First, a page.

Keslapur Nagoba Jatara: A look at a community's vibrant religious and cultural celebration

While all the rituals and ceremonies pertaining to the preparation of the Nagoba jatara involve men to begin with, the women gain prominence and participate actively from the day of the mahapuja. Traditionally, most alliances of Raj Gond bachelors are fixed during the post-harvest Dandari-Ghusadi festival, and the nuptials take place between March and May. For the Mesram Raj Gonds and Pardhans, the gamut of weddings is complete only after the bheting ritual, which is held on the first day of the jatara and entails introduction of brides to the serpent god and thereby into the clan. This ritual is most significant part of the Keslapur-Nagoba jatara.

On the day of mahapuja, pots that were made specifically for the festival, are consecrated soon after the arrival of the priests and others to the temple in the morning. The Patels line up beside the pots while Mesram Tirupathi, the kotwal, calls the names of women to whom the pots would be handed over.

The pots are consecrated during a brief ceremony. Photo courtesy Lakshmi Prabhala

The pots are consecrated during a brief ceremony. All photos courtesy Lakshmi Prabhala (except where indicated otherwise)

The women who come in pairs are daughters of Mesram families but have been married into other clans. They are handed over a pot which is meant for fetching water from a well near the Bhourmachua (banyan tree).

After offering respects to the village elders, women go in pairs to collect the sacred pots. Photo courtesy Lakshmi Prabhala

After offering respects to the village elders, women go in pairs to collect the sacred pots.

After the distribution of the pots, the head Pardhan Mesram Tukdoji takes a seat and begins to tune his 200-year-old bow-string instrument called kingri for another recital of 'Nagoba Bhidi' in the temple premises. The Pardhans or bards are said to have preserved the myths and stories of Gonds in the oral tradition over centuries. Tukdoji has been singing the Nagoba katha for over 50 years, and has taken a family member under his wing to train him and eventually pass on the baton.

The Mesram Pardhan Tukdoji sings the legend of the Nagoba in the temple to a large gathering of Mesram devotees

The Mesram Pardhan Tukdoji sings the legend of the Nagoba in the temple to a large gathering of Mesram devotees

Once again, strains of pipri and dhol begin to waft in the air, as women carrying the earthen pots on their heads begin to line up. Everybody steps aside to make way for them and they begin walking at a uniform pace, the pots balanced on their head, leaving behind a trail of the afternoon shadows that follow rhythmically.

A group of Mesram women carrying the pots to fetch water from a step well near the banyan tree Photo courtesy Mohan Prabhala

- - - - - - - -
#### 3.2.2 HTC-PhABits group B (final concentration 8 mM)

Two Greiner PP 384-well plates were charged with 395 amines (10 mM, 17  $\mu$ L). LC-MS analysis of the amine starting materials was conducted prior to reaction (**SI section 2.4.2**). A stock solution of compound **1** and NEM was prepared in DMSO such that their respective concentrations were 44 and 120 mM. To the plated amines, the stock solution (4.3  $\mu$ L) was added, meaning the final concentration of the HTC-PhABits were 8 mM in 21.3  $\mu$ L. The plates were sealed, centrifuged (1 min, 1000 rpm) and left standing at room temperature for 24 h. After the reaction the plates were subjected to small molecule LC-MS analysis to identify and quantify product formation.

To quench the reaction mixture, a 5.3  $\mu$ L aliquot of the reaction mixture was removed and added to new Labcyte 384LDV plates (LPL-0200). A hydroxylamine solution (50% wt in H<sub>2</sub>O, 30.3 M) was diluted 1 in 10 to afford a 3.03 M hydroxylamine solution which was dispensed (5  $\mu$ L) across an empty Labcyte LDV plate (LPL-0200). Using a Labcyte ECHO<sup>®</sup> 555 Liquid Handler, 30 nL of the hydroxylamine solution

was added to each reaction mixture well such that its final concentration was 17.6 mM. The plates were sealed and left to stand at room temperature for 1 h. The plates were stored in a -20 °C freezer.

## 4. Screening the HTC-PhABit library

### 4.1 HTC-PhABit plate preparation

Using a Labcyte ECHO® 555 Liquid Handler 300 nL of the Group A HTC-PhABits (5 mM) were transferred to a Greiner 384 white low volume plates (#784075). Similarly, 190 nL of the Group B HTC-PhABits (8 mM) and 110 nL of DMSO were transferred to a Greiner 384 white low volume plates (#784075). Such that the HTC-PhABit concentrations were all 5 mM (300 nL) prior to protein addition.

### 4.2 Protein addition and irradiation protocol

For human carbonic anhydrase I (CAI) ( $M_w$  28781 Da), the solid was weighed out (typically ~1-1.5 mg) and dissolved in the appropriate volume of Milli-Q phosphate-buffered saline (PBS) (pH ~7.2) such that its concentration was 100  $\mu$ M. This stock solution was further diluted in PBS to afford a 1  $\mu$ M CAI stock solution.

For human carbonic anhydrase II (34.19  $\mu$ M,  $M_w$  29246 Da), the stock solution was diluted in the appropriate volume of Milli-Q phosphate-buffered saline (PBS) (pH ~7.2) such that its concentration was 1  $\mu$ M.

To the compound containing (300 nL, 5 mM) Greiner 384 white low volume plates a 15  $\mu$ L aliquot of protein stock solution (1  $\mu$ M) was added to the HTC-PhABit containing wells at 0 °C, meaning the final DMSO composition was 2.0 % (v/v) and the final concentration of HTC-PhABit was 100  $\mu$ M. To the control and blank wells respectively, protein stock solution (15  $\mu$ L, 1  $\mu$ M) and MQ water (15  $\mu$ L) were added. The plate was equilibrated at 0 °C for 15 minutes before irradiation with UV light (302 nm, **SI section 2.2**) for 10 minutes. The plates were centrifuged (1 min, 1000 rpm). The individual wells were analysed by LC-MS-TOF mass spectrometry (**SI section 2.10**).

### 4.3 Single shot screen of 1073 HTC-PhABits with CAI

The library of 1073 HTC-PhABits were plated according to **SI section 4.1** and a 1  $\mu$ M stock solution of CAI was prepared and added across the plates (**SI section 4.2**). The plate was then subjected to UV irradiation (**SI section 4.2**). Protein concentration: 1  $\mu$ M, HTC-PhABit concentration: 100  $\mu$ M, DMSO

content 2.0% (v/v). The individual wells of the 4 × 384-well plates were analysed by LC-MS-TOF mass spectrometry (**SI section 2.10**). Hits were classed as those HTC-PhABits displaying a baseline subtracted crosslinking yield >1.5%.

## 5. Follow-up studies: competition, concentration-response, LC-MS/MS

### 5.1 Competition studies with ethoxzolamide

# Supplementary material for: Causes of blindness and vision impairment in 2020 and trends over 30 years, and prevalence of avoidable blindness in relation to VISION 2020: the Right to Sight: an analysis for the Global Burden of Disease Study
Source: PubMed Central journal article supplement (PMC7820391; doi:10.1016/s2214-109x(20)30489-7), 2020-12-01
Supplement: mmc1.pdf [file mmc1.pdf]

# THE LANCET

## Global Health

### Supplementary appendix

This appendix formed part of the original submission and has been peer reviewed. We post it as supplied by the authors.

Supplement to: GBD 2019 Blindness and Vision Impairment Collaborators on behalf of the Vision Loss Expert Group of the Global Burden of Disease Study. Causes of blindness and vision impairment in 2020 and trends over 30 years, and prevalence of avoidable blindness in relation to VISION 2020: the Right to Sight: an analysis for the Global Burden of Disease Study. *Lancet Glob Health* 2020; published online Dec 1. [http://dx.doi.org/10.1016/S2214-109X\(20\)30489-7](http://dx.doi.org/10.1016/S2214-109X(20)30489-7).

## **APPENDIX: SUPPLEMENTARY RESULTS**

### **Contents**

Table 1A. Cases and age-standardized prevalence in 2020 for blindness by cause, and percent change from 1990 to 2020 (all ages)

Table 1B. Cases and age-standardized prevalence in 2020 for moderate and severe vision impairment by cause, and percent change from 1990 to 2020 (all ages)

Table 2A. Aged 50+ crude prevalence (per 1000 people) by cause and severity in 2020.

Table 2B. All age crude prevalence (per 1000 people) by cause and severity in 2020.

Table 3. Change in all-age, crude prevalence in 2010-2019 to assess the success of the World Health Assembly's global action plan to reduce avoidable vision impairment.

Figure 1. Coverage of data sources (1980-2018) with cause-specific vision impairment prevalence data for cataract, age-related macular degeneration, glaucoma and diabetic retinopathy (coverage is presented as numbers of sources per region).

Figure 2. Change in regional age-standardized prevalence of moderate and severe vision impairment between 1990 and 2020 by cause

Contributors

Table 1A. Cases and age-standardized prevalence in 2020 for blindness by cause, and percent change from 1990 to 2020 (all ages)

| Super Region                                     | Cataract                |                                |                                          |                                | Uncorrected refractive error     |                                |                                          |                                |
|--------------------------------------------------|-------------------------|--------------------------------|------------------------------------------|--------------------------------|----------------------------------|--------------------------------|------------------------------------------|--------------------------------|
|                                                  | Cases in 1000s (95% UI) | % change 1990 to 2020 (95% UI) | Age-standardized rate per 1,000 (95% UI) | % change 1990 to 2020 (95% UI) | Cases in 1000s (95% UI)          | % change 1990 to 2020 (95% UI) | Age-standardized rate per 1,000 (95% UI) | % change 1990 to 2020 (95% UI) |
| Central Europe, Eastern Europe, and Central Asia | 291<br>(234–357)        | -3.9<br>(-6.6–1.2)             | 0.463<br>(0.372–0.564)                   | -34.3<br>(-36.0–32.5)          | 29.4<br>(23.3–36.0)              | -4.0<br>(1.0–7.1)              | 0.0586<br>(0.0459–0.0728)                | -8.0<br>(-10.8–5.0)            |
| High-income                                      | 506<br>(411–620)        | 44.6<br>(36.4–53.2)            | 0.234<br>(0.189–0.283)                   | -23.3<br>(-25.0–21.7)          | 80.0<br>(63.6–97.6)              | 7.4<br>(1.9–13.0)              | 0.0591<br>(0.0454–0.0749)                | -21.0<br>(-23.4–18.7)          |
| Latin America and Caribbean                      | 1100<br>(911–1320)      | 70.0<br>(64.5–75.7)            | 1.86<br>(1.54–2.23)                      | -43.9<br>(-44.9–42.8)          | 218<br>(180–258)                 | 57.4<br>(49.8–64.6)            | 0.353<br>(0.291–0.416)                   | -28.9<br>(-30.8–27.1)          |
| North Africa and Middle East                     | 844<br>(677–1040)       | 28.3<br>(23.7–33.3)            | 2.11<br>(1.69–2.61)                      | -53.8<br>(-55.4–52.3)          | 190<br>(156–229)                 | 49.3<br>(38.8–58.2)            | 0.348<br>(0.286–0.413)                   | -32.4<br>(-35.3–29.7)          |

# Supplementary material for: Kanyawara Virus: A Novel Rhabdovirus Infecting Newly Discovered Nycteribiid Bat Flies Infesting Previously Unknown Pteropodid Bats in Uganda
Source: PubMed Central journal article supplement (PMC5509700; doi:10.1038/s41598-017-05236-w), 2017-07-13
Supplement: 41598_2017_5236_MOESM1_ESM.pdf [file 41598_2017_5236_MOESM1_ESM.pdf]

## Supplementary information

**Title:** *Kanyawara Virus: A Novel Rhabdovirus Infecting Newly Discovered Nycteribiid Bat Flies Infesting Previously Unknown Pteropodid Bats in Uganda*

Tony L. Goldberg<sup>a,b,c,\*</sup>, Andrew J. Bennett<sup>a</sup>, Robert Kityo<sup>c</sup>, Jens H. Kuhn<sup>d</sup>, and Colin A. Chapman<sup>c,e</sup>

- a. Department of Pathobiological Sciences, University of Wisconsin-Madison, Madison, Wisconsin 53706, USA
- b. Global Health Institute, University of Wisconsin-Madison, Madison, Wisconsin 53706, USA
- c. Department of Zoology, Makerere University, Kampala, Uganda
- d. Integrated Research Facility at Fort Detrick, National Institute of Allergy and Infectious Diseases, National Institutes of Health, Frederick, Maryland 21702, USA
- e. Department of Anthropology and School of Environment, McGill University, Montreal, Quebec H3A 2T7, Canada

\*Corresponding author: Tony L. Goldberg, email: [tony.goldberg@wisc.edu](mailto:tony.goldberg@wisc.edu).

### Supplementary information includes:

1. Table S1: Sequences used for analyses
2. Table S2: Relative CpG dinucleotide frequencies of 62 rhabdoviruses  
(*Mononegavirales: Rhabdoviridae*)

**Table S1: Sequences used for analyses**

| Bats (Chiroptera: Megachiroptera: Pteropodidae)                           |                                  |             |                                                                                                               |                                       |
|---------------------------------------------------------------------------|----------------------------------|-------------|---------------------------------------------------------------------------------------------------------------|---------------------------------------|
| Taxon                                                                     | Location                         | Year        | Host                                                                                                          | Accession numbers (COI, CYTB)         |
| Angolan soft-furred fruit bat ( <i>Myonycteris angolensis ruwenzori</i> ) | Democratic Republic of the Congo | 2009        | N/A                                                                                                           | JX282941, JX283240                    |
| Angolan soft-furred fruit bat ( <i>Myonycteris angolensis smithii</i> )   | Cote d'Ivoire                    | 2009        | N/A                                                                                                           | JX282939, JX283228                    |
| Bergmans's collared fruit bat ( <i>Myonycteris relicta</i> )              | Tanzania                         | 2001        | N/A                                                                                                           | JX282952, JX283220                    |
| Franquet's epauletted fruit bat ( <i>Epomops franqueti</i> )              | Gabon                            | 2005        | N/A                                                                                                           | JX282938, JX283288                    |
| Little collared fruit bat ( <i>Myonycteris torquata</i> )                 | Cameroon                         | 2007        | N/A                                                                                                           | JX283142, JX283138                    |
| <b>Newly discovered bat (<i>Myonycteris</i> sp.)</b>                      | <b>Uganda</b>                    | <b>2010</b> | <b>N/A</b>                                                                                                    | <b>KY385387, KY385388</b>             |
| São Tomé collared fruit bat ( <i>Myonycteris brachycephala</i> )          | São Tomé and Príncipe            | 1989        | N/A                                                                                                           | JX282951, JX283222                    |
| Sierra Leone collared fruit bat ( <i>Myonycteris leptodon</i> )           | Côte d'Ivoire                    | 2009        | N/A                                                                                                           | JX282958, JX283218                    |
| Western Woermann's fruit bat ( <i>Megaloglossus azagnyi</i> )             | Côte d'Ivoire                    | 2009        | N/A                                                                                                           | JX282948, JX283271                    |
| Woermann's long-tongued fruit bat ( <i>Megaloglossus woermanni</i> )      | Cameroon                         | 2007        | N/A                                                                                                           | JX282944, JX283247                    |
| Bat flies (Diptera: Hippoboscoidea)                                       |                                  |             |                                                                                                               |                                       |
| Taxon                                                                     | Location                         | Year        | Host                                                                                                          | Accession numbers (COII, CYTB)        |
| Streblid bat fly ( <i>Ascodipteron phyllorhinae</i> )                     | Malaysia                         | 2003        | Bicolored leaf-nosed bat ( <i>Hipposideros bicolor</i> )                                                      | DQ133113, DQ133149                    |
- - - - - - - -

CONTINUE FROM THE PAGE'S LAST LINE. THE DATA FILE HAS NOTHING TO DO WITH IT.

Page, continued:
A group of Mesram women carrying the pots to fetch water from a step well near the banyan tree
Photo courtesy Mohan Prabhala

After filling the pots with water at the well, the women return to the temple in a similar fashion. The water in these holy pots is used by women in the ritual of creating small mounds of clay also called boula (anthills). On a nostalgic note, Mesram Manohar says, “Prior to early 1980s, all the rituals were performed at the boula. After the temple was constructed and a brass deity of Nagoba was installed, the prayers are offered only at the sanctum.”

At the stepwell, each woman waits for her turn to fill her pot with water

At the stepwell, each woman waits for her turn to fill her pot with water

At twilight, all the occupants under the banyan tree pack up and move with their belongings and bullock carts to set up camps around the temple. A circular open air structure called govad is made specifically for women and the “bheti koriad” — the daughters-in-law who wait to be introduced.

Inside the govad, at around 2 am, women huddle in small groups huddle around bonfires, to keep warm while the light from the torch-bearers casts a soft glow on the bheti koriad. The girls get busy donning their white saris to participate in the bheting ceremony. Two young girls who will soon lead the procession to the temple, are seated — one a daughter-in-law of a priest while the other is a new bride in a Patel’s family, who wait as the koriad gets ready.

The two young brides who will lead the Bheti-Koriad to the Nagoba temple, accompanied with traditional music and fanfare, for a formal introduction to their clan God

The two young brides who will lead the Bheti-Koriad to the Nagoba temple, accompanied with traditional music and fanfare, for a formal introduction to their clan God

Mesram Jayanthi, a mother-in-law camped at the govad, explains the bheting ritual: “We make our brides wear white clothes, take them to the Sathi temple, and pray for their prosperity and progeny. With their heads covered, the koriad are taken in a procession to the temple led by musicians. They take the blessings of Sathi Devi before being formally introduced to our clan god, Nagoba.”